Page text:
April 15, 2007

Active Learning, the DS Lite and what our schools should look like

There's a lot of talk about Schools of the Future and, like I've said before, I don't think "dreaming of spires" (when the spires might not be built for a long time) is necessarily the most realistic and beneficial way to move forward. It may be better to look at things appearing under our very noses at the same time.

Take, for example, the most recent report out from the Scottish Executive on Building the Curriculum, with its website my colleagues at LTS have just launched.

The report covers another way to build our Curriculum for Excellence, called Active Learning, where play is valued as learning, not something we do after learning has happened. Unfortunately, Active Learning and the Building the Curriculum 2 report is parked firmly at the door of Early Years practitioners, teaching our youngest learners aged 3-6.

However, I think points from the report and from the Active Learning projects being pioneered in East Lothian are raising exactly the same questions as dear old Dr Kawashima. For example, where is the place in the average secondary classroom classroom for:

  • Both spontaneous and planned purposeful play?
  • For exploring and investigating a tangent, which might end up being a dead end lead, but which reflect the students' personal interests, not the interests expressed in some textbook or curriculum?
  • Linking back to kids' own experiences or real-life situations?
  • Kids to take part in making decisions?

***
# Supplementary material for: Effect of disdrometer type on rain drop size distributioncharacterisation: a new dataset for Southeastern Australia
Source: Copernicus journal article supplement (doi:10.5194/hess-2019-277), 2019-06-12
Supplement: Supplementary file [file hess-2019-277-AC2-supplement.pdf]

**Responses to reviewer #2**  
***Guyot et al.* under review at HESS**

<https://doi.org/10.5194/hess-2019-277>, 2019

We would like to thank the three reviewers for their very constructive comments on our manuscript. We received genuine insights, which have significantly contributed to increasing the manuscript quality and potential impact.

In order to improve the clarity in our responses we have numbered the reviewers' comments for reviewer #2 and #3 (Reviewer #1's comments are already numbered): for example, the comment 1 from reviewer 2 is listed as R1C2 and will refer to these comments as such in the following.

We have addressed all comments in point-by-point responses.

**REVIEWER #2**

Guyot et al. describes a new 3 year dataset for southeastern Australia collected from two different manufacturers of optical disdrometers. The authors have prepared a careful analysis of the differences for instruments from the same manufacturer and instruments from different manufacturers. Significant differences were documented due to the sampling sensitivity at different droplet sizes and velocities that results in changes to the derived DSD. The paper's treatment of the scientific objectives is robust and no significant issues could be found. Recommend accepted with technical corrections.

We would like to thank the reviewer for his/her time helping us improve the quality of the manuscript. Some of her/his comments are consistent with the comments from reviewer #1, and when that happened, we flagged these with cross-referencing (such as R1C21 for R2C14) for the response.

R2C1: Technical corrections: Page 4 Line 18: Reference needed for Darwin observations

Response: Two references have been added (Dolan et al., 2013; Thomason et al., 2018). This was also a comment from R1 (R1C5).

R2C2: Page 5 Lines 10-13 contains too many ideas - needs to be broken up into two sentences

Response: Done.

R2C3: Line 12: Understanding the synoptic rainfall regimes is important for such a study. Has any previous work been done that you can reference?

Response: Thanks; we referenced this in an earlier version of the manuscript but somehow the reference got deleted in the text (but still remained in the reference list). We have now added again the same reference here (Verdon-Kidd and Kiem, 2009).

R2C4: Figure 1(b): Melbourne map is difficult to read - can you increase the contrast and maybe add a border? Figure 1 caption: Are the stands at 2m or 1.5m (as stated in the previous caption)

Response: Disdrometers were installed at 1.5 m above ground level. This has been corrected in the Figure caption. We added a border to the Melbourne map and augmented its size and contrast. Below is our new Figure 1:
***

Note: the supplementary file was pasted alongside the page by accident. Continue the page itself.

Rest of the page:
The sections on use of space in the school are particularly relevant to what I've been thinking about this week:

"Space should be arranged to provide opportunities for children to learn through social, sensory, creative, constructive and dramatic activities. Children’s responses to these different contexts will depend upon their interests and stage of development. With the active learning approach, space will be needed for children to work alone, for children to work together in pairs or groups and for them to rest and be quiet."

The research points out that "there is no long-term advantage to children when there is an over-emphasis on systematic teaching before 6 or 7 years of age", and so the same might not be said for older kids. However, there is much of this which does have a place somewhere in the early secondary curriculum at least. Our Extreme Learning examples hint towards this direction and maybe Active Learning from Early Years could offer some of the leverage we've been looking for to put this into action.

Now I'd just love our Active Learning specialists to start blogging their experiences so we could learn even more. In the meantime, the reflection questions in the LTS document make a good starting point and the examples on the LTS website will help make better sense of what's possible.


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Hay i teach in the states i work with
at risk and at need children.
I use a ds lite with them and it works it has grate programs all be it hard to find but they work would love to compare notes some time . good day

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Ewan McIntosh is the founder of NoTosh, the no-nonsense company that makes accessible the creative process required to innovate: to find meaningful problems and solve them.

Ewan wrote How To Come Up With Great Ideas and Actually Make Them Happen, a manual that does what is says for education leaders, innovators and people who want to be both.

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School leaders and innovators struggle to make the most of educators' and students' potential. My team at NoTosh cut the time and cost of making significant change in physical spaces, digital and curricular innovation programmes. We work long term to help make that change last, even as educators come and go.

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